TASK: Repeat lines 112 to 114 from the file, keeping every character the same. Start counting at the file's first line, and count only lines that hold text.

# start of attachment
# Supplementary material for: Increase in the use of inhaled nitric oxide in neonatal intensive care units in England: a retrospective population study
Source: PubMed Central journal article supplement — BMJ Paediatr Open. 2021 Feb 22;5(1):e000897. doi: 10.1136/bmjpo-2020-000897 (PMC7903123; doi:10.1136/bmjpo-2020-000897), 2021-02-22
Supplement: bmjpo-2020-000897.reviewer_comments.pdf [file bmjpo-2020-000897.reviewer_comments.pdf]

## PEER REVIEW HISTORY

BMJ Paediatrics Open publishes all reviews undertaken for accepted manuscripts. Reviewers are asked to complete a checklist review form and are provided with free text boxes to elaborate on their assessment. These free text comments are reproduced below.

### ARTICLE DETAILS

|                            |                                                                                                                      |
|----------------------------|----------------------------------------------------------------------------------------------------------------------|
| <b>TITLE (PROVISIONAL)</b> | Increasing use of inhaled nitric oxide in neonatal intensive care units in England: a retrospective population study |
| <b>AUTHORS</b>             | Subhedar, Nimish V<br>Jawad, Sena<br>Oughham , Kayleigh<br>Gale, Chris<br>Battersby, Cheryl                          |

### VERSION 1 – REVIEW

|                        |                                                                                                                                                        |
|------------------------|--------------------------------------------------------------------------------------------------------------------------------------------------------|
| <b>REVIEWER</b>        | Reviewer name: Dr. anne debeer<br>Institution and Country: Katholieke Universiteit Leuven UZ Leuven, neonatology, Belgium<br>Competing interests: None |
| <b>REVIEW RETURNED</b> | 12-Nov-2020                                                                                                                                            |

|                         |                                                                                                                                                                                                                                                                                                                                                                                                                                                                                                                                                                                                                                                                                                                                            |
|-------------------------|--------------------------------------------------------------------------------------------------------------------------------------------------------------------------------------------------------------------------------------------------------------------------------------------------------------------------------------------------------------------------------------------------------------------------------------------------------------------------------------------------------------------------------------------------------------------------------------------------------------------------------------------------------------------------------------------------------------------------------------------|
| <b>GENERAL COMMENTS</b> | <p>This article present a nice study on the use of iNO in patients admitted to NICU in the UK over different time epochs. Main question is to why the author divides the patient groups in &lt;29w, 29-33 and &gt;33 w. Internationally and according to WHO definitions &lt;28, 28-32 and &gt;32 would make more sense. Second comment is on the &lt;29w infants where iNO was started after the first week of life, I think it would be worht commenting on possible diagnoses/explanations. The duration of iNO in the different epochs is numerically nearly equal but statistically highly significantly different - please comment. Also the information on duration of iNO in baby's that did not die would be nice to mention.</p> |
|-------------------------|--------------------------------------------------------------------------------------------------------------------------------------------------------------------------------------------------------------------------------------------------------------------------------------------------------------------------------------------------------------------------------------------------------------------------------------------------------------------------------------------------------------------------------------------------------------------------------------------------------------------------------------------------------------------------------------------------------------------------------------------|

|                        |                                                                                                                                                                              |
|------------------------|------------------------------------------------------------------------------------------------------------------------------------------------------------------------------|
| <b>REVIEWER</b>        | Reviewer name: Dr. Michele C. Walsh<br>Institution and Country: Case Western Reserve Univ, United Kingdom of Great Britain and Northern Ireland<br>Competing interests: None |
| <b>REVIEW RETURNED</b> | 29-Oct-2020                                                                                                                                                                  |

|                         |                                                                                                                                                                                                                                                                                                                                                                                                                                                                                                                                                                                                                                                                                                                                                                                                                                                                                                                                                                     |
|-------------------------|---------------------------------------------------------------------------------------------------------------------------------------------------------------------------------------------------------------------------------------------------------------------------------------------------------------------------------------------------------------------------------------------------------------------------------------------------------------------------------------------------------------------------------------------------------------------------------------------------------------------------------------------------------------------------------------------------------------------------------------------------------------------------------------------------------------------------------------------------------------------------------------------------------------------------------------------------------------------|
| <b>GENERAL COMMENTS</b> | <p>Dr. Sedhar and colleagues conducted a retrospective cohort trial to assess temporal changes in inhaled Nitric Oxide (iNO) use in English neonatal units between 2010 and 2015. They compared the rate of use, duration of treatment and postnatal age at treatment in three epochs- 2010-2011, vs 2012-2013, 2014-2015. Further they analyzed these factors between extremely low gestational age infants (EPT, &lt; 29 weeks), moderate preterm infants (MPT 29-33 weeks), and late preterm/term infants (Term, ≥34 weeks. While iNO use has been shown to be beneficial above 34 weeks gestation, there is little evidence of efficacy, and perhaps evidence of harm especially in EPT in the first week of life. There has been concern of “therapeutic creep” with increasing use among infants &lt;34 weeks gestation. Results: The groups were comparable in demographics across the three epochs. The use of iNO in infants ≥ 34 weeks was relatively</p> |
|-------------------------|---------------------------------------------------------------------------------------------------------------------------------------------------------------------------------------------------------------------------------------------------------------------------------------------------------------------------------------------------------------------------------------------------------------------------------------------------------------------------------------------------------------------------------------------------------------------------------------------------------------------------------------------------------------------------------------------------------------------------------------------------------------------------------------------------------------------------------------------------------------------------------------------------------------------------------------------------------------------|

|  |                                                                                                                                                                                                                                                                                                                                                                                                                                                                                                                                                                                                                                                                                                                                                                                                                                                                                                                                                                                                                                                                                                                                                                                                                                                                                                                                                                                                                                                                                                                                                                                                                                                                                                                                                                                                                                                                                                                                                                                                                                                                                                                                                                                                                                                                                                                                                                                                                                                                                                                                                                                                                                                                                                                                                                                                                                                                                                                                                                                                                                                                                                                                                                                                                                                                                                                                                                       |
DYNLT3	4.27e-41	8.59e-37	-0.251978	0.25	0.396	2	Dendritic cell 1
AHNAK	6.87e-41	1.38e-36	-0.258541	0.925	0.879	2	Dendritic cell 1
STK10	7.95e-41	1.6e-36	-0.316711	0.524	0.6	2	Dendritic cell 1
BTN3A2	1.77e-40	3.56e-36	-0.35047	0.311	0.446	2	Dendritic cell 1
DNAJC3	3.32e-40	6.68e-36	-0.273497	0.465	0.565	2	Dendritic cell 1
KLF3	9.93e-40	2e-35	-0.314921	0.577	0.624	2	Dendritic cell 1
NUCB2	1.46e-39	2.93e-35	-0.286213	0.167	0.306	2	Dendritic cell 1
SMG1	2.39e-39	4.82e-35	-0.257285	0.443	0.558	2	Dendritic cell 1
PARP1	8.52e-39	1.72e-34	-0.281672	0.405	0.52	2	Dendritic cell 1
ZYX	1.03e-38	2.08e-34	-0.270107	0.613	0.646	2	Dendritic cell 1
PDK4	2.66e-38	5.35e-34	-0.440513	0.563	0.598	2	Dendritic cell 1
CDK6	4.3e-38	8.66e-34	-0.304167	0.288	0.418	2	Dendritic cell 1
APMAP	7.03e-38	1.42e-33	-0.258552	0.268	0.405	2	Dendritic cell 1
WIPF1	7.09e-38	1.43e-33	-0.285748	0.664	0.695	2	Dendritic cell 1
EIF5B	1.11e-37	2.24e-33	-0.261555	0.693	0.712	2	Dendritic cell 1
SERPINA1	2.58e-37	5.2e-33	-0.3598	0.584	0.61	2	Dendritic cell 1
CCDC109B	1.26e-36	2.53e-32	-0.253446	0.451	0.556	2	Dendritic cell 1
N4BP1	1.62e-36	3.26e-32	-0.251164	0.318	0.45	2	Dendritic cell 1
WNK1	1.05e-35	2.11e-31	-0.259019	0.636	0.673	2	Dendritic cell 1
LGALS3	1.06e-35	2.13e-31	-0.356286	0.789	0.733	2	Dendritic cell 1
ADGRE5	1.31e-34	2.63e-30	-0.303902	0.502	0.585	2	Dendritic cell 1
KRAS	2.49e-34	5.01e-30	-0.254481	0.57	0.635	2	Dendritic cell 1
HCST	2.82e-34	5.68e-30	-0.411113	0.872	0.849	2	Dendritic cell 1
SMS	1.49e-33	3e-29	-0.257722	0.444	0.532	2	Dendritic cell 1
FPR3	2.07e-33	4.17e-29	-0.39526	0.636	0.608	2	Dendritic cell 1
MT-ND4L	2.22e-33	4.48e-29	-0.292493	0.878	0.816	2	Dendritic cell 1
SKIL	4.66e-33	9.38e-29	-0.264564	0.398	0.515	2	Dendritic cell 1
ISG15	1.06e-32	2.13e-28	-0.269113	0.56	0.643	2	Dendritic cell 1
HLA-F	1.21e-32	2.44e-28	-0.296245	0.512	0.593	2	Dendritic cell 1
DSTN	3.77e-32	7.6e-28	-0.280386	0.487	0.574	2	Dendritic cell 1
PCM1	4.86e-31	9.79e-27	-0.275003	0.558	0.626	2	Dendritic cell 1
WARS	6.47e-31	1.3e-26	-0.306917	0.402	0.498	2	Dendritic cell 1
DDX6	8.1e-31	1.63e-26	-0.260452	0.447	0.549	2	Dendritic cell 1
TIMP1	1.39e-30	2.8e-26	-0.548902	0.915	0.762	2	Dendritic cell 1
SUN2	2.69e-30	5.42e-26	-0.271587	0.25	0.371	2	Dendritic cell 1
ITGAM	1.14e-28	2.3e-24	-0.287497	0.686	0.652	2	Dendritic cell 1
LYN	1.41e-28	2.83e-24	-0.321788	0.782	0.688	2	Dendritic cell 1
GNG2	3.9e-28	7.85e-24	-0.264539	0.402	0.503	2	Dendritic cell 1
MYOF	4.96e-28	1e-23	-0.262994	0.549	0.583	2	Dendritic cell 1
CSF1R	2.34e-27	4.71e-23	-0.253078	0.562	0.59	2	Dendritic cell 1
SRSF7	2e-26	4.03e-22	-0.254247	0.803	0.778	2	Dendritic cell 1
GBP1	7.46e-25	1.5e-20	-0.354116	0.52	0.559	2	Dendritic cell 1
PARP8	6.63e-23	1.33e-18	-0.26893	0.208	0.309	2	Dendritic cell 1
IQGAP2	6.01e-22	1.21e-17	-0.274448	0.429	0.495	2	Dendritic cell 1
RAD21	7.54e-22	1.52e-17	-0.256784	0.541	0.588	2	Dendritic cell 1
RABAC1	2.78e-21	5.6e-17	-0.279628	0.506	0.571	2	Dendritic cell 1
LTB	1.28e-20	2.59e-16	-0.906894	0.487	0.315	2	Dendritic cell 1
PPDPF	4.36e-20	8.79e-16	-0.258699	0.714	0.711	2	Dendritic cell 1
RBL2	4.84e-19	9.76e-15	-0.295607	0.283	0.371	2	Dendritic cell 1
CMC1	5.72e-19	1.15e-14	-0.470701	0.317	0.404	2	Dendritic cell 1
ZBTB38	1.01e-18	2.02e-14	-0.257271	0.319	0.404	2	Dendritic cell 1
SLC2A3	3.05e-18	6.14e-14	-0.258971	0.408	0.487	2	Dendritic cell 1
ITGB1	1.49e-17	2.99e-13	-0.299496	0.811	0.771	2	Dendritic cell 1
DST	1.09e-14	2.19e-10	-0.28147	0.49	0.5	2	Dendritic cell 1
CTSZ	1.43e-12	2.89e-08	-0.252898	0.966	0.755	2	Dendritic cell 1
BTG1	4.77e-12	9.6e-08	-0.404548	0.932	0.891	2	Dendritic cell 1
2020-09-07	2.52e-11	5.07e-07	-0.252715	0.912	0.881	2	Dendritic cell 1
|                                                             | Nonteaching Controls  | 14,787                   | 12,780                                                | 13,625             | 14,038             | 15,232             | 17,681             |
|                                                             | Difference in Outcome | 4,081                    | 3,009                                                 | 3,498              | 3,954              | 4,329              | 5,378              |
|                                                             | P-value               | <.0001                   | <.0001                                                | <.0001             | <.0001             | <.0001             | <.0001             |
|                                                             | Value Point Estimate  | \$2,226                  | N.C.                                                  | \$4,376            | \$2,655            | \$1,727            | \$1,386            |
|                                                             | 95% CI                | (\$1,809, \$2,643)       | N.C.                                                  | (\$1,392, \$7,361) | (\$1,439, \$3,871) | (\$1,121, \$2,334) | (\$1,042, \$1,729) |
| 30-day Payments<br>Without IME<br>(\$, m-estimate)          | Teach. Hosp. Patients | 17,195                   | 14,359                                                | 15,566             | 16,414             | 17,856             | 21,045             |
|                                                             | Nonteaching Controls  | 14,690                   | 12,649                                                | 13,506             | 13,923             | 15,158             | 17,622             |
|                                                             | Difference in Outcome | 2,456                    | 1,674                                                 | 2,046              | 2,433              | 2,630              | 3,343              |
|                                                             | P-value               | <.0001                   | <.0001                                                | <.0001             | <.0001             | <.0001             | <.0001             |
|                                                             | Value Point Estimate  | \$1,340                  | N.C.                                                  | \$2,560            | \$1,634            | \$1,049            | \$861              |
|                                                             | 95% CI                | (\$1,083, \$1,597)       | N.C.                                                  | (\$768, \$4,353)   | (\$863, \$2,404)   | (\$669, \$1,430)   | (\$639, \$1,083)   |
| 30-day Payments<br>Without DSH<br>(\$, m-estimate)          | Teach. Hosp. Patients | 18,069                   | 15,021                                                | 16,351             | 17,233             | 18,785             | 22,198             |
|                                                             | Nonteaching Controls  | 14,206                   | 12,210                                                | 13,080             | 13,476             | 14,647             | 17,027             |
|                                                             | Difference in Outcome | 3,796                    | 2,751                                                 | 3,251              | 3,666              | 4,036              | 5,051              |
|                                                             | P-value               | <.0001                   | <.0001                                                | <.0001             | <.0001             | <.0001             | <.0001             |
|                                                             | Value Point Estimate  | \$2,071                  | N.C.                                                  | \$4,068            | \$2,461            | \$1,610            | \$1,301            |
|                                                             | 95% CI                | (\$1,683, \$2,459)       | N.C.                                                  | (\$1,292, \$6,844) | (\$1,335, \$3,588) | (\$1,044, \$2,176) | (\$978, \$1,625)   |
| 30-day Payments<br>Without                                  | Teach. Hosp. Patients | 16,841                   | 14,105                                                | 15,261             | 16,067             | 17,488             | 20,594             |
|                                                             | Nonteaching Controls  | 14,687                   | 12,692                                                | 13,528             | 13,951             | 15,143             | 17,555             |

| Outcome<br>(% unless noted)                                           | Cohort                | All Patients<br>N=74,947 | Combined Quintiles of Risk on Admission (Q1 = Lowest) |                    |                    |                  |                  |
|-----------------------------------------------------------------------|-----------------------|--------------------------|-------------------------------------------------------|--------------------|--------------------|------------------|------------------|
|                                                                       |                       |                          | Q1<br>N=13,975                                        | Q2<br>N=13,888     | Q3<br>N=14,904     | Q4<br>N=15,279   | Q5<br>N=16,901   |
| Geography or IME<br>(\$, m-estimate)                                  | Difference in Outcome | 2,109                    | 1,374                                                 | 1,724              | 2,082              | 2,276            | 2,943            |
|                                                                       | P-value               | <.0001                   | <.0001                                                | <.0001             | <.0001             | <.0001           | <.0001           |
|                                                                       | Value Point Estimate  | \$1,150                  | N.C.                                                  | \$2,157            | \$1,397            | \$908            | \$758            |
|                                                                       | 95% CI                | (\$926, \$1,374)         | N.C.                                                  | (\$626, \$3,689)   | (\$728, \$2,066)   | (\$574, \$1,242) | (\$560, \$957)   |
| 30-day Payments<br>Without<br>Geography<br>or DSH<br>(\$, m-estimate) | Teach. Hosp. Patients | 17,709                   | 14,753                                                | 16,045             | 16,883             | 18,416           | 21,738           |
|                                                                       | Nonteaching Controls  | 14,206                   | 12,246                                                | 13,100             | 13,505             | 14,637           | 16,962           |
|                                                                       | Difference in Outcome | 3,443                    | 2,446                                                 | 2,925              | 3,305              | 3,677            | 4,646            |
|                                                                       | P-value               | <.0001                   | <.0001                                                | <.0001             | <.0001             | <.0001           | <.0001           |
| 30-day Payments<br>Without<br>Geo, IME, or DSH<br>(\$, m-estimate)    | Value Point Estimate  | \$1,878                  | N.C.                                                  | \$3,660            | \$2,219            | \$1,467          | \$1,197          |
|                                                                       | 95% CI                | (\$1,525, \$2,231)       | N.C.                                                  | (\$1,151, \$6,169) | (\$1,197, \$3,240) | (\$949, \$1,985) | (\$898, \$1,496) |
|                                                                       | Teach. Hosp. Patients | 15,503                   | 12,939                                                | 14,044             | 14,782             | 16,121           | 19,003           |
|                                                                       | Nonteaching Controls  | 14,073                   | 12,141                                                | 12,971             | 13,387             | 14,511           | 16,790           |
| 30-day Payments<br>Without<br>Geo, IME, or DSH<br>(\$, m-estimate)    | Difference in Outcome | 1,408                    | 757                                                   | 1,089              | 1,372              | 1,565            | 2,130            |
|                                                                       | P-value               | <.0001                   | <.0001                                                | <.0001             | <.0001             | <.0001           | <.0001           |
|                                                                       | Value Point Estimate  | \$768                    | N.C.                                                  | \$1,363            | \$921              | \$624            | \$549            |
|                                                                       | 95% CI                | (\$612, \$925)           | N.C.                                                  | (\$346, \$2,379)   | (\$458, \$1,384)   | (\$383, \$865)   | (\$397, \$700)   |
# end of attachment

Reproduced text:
| 30-day Payments<br>Without<br>Geography<br>or DSH<br>(\$, m-estimate) | Teach. Hosp. Patients | 17,709                   | 14,753                                                | 16,045             | 16,883             | 18,416           | 21,738           |
|                                                                       | Nonteaching Controls  | 14,206                   | 12,246                                                | 13,100             | 13,505             | 14,637           | 16,962           |
|                                                                       | Difference in Outcome | 3,443                    | 2,446                                                 | 2,925              | 3,305              | 3,677            | 4,646            |